China Criticizes Vietnam in Dispute Over Islands

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BEIJING -- In a fresh show of its resolve in a dispute over the South China Sea, China sharply criticized Vietnam on Thursday for passing a law that claims sovereignty over the Paracel and Spratly Islands, saying they are the ''indisputable'' territory of China.

The Foreign Ministry in Beijing summoned the Vietnamese ambassador, Nguyen Van Tho, to strongly protest the new law, a spokesman, Hong Lei, said.

''Vietnam's Maritime Law, declaring sovereignty and jurisdiction over the Paracel and Spratly Islands, is a serious violation of China's territorial sovereignty,'' a ministry statement said. ''China expresses its resolute and vehement opposition.''

The dispute between China and Vietnam over the law, which had been in the works for years, is the latest example of Beijing's determination to tell its Asian neighbors that the South China Sea is China's preserve.

The Chinese statement comes two weeks before a meeting of foreign ministers of the Association of Southeast Asian Nations in Phnom Penh, Cambodia, which will be attended by Secretary of State Hillary Rodham Clinton and where the South China Sea dispute is expected to be high on the agenda.

To reinforce its claims, China also announced that it had raised the level of governance on three island groups in the sea: the Spratlys, the Paracels and Macclesfield Bank, known in Chinese as the Nansha, Xisha and Zhongsha Islands.

The Chinese State Council issued a statement placing the three groups of islands and their surrounding waters under the city of Sansha as a prefectural-level administration rather than a lower county-level administration.

Xinhua, the state-run news agency, quoted a Ministry of Civil Affairs spokesman as saying that the new arrangement would "further strengthen China's administration and development" of the three island groups.

China and South Vietnam fought over the Paracels and the Spratlys in 1974, and a unified Vietnam fought briefly with China in 1988 over the islands. China controls the Paracels and reefs and shoals within the Spratlys, according to the International Crisis Group, a research organization. Macclesfield Bank comprises a sunken atoll and reefs near the two bigger islands.

In another South China Sea squabble, President Benigno S. Aquino III of the Philippines said Wednesday that he would order Philippine government vessels back to Scarborough Shoal if China had not removed its ships from the disputed area as China had promised.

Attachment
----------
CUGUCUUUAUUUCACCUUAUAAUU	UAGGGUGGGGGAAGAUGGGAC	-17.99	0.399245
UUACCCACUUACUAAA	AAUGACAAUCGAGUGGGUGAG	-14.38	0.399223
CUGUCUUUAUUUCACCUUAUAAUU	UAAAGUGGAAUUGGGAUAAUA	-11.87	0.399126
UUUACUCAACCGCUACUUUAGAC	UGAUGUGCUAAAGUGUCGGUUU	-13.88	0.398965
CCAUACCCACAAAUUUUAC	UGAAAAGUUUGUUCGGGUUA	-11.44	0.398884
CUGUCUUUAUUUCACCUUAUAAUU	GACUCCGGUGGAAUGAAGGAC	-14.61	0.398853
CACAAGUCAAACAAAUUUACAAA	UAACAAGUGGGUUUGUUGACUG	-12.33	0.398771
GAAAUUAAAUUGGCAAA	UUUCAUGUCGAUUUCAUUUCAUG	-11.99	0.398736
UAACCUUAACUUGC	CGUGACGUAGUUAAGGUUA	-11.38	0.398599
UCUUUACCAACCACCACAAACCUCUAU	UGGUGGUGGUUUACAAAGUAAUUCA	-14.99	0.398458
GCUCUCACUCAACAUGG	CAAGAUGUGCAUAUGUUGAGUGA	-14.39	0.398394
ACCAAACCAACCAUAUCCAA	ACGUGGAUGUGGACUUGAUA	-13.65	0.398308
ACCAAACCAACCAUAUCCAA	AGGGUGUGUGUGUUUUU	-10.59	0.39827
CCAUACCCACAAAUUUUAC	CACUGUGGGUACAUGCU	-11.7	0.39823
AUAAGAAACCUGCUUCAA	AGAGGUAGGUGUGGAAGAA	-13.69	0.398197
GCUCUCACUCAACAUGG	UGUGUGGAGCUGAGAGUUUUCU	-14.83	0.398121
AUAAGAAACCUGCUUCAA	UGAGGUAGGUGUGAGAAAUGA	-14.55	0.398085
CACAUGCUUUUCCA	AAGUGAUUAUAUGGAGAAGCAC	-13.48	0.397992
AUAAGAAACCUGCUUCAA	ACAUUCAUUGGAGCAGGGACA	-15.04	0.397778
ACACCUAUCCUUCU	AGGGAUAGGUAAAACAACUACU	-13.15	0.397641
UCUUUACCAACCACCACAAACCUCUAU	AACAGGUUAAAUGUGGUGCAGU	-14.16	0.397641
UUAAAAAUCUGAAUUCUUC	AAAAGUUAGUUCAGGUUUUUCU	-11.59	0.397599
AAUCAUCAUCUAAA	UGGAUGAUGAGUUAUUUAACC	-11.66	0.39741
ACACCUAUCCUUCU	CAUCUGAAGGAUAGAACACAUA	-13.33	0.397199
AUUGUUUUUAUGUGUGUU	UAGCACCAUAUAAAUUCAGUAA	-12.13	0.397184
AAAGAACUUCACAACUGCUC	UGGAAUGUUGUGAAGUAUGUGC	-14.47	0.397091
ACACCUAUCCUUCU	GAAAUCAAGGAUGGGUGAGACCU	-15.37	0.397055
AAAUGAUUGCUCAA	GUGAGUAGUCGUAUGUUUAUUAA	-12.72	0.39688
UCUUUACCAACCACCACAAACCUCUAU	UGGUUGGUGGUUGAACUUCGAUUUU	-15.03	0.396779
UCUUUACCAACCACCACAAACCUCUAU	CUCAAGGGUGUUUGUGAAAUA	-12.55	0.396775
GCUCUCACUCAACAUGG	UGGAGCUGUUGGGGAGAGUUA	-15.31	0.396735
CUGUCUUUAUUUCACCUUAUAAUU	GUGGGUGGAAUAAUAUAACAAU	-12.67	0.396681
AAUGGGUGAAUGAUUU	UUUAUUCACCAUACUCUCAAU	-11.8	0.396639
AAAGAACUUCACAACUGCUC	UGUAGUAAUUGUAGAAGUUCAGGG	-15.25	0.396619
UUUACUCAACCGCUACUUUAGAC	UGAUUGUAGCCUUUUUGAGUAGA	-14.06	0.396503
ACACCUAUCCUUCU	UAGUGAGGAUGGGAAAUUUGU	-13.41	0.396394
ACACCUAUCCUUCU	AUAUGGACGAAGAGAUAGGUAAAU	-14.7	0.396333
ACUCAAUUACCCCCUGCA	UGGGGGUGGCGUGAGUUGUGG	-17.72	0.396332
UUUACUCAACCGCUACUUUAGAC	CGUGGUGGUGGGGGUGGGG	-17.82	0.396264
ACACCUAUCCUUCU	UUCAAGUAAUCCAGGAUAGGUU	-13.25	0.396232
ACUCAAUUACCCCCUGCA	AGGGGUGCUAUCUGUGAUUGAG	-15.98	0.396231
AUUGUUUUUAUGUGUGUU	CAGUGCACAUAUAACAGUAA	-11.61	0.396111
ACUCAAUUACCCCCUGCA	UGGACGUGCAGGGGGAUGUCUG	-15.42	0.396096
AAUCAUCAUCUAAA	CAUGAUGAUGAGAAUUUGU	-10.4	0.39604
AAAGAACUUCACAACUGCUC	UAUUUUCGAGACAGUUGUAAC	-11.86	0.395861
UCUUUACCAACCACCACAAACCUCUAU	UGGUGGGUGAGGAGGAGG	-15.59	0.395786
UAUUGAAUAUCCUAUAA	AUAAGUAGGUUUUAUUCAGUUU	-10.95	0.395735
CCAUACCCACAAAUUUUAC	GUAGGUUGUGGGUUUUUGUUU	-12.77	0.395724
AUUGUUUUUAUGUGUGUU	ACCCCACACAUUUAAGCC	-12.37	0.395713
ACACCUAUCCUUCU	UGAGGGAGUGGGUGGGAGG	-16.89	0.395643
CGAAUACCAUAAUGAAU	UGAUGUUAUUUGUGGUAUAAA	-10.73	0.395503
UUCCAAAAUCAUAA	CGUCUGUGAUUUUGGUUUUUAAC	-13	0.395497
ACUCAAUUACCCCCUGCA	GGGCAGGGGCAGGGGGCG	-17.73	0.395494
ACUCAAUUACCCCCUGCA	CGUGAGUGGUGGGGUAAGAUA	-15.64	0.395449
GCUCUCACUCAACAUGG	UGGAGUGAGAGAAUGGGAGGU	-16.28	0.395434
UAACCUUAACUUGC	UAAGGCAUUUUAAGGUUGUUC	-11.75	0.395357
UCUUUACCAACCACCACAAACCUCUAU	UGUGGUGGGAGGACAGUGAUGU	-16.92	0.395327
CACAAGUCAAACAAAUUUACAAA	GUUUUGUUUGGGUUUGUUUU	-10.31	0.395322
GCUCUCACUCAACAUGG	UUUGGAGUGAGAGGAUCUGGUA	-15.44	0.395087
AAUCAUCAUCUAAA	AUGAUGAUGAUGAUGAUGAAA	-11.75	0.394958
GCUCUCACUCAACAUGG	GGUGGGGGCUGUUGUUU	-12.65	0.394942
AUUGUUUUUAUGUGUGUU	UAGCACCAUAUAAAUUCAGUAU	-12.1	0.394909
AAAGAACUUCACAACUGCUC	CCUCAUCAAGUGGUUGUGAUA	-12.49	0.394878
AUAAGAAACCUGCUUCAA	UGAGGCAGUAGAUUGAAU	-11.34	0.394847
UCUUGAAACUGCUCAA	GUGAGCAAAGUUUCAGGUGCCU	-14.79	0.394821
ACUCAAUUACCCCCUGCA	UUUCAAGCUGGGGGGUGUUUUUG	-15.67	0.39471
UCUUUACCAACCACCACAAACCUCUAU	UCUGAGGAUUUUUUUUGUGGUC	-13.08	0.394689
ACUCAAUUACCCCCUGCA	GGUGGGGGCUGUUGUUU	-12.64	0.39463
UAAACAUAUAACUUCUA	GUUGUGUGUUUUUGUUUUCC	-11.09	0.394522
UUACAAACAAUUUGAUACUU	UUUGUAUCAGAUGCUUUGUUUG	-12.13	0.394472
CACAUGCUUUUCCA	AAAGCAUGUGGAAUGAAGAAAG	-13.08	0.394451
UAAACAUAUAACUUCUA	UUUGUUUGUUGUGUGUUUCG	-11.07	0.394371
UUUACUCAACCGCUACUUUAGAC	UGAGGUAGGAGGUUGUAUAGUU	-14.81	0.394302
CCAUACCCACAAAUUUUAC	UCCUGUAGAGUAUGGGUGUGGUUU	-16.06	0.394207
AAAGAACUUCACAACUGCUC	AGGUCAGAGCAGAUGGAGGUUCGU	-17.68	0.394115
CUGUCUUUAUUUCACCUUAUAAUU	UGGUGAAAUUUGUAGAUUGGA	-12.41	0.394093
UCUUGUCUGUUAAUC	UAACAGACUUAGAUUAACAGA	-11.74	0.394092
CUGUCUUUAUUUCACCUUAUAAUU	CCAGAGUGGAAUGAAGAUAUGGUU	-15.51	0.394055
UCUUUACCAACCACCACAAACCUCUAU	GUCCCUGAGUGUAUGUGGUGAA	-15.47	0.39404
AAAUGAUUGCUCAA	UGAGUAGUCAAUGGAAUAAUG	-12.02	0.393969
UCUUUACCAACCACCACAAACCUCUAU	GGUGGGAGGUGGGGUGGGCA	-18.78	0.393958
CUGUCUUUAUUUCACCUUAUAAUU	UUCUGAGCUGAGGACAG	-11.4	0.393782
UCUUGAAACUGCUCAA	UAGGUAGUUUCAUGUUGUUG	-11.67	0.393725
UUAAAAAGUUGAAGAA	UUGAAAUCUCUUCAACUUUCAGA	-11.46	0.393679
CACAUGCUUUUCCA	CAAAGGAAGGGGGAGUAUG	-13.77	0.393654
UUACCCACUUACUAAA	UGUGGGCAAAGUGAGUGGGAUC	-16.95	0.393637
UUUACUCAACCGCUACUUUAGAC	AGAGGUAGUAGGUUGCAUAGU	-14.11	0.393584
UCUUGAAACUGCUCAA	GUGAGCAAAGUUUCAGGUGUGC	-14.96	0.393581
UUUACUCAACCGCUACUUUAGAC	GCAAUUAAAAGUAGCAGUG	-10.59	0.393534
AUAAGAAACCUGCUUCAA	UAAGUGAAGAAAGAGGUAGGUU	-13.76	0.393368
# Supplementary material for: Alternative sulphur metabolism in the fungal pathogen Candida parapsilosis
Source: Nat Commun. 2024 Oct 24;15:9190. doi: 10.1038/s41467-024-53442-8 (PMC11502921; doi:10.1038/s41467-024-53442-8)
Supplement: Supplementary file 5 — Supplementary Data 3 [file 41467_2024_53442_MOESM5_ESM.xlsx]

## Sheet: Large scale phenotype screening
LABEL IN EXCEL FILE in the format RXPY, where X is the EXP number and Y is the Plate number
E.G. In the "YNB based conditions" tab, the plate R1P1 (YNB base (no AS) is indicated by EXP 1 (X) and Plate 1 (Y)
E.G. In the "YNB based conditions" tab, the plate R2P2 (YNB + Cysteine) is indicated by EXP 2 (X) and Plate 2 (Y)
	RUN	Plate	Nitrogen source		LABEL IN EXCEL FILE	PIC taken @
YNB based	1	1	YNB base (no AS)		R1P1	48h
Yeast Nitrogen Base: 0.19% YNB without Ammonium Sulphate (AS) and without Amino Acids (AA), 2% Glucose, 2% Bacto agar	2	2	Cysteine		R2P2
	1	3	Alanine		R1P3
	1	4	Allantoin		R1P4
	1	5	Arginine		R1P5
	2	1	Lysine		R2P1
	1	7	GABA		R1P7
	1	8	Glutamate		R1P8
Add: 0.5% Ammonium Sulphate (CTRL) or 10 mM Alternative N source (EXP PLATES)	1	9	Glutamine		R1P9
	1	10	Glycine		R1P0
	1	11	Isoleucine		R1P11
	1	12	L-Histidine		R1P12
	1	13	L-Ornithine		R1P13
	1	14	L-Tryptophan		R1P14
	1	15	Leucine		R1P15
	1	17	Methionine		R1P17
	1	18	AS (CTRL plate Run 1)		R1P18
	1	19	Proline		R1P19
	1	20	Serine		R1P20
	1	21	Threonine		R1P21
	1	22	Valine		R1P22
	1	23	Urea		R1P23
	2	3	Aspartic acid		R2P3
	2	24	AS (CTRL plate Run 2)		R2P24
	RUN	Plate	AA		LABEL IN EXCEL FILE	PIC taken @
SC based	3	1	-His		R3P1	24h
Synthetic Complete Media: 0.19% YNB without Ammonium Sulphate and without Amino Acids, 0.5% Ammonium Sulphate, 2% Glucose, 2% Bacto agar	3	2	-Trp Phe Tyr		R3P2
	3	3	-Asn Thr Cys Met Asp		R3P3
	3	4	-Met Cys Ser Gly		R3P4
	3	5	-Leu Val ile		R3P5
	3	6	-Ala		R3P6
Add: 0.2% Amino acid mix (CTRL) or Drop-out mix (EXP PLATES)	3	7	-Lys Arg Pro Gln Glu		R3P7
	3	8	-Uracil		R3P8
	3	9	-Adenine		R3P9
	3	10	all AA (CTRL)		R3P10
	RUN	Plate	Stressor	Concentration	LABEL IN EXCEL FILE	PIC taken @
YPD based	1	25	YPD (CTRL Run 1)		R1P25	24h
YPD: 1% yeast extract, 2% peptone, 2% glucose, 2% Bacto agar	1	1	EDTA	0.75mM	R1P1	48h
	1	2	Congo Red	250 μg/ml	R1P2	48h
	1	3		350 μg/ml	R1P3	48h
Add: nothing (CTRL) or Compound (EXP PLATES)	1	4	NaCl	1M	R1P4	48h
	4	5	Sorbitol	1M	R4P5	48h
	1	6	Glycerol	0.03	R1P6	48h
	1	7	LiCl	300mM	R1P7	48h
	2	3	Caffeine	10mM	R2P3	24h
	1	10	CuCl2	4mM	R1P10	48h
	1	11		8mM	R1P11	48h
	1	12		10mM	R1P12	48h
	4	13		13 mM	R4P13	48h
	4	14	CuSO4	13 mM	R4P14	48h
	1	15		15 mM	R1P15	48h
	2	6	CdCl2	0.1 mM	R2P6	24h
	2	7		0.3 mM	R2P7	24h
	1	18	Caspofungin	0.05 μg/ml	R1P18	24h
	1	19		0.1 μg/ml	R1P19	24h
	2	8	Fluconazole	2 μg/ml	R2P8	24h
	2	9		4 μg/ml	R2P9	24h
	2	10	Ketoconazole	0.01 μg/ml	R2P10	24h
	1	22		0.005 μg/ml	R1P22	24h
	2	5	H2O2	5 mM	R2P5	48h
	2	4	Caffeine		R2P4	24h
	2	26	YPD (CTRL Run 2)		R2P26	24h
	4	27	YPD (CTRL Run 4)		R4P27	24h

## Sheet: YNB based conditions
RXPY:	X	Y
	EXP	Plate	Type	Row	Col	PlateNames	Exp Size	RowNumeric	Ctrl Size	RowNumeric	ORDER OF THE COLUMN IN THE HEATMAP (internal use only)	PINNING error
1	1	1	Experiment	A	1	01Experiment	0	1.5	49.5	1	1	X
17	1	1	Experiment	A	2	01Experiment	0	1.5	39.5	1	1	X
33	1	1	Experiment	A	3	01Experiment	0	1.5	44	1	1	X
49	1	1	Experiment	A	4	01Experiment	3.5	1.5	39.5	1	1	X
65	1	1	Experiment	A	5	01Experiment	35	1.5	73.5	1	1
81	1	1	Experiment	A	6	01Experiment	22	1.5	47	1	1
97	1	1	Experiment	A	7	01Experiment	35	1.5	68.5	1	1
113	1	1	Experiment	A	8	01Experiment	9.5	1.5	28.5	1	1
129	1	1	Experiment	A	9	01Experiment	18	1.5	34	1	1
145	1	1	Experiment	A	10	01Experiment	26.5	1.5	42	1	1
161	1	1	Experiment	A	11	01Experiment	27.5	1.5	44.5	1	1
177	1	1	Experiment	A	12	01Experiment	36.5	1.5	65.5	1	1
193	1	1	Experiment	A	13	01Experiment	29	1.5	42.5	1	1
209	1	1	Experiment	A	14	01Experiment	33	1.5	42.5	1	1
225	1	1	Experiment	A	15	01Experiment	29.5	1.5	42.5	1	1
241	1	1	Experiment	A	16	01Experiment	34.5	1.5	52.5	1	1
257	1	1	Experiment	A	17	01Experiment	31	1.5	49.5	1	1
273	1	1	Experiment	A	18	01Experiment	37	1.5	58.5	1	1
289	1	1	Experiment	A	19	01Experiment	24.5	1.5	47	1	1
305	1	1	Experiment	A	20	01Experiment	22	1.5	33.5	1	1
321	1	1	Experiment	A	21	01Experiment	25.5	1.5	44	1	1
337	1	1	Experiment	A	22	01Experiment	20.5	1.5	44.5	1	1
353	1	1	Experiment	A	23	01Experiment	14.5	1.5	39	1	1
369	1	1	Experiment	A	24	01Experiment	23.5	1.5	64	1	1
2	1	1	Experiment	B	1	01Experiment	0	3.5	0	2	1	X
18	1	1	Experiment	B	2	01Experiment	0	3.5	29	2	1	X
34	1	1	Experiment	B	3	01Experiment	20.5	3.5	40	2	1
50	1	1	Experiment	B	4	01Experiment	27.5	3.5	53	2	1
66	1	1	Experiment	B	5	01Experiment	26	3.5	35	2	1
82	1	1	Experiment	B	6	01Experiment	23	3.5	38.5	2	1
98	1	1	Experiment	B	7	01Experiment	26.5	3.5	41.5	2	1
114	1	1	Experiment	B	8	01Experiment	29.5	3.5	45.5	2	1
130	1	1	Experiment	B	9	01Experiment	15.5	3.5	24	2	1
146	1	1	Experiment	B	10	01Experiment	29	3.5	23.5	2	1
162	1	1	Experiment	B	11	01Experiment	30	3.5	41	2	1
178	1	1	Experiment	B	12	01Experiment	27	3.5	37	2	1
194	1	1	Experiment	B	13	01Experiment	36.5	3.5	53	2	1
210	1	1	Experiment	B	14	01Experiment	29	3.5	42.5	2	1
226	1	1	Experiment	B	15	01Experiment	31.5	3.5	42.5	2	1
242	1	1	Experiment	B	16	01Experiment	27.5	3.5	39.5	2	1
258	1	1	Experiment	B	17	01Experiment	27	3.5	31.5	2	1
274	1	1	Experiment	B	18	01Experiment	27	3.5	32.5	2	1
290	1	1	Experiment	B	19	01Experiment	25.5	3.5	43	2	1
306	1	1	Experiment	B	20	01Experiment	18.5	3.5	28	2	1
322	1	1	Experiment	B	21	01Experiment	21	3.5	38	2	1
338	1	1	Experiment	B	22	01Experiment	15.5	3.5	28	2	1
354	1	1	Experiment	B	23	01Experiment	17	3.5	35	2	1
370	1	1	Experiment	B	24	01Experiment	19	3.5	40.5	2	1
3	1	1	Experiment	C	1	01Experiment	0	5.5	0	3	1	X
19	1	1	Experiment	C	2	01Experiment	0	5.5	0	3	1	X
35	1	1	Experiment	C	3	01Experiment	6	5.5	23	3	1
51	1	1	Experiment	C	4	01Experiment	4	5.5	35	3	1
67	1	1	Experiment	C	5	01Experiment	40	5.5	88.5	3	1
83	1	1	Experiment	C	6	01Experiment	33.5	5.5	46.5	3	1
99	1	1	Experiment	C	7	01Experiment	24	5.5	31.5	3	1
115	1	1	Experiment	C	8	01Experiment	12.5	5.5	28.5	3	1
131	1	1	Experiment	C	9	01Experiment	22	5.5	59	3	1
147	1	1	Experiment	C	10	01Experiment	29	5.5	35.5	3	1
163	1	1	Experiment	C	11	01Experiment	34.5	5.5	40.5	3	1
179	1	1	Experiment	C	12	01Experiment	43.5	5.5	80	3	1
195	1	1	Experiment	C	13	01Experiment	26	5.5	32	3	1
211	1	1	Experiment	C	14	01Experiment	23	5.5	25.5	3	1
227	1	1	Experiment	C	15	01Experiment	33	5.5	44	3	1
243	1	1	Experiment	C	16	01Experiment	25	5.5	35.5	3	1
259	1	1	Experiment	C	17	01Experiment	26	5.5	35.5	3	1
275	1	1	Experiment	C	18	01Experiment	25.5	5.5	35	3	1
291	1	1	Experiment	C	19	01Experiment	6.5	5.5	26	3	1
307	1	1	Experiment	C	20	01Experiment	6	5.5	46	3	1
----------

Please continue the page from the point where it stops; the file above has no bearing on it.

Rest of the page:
A two-month standoff between China and the Philippines at the shoal appeared have been defused last weekend when a typhoon forced Philippine fishing boats and a navy vessel to leave. China pledged to remove its vessels, too, the Philippines said at the time.

But this week, Philippines officials said that half a dozen Chinese government vessels and fishing boats remained at the shoal. The exact position of the Chinese boats -- whether they were inside the shoal's large lagoon, or outside the lagoon in more open waters -- was not clear.

The Philippine government spokesman, Raul Hernandez, said a verbal agreement between China and the Philippines applied only to the withdrawal of vessels from the sheltered lagoon, where Chinese fishermen were poaching rare corals, fish and sharks.

''The two sides are still talking about the vessels outside the lagoon,'' he told a Philippine radio station.

The Asean ministerial meeting in Phnom Penh will almost certainly come under competing pressures from China and the United States over the tensions in the South China Sea.

Last month, at an Asean session in Phnom Penh called to prepare for the ministerial meeting, Cambodia, which holds the chairmanship of the regional bloc this year and is a close ally of China, refused to allow a statement on the need for a peaceful resolution of the disputes to be issued.

The United States is expected to urge the association to strengthen an existing code of conduct on the South China Sea, most likely over the objections of China.

Bree Feng contributed research.


This article originally appeared in The New York Times.


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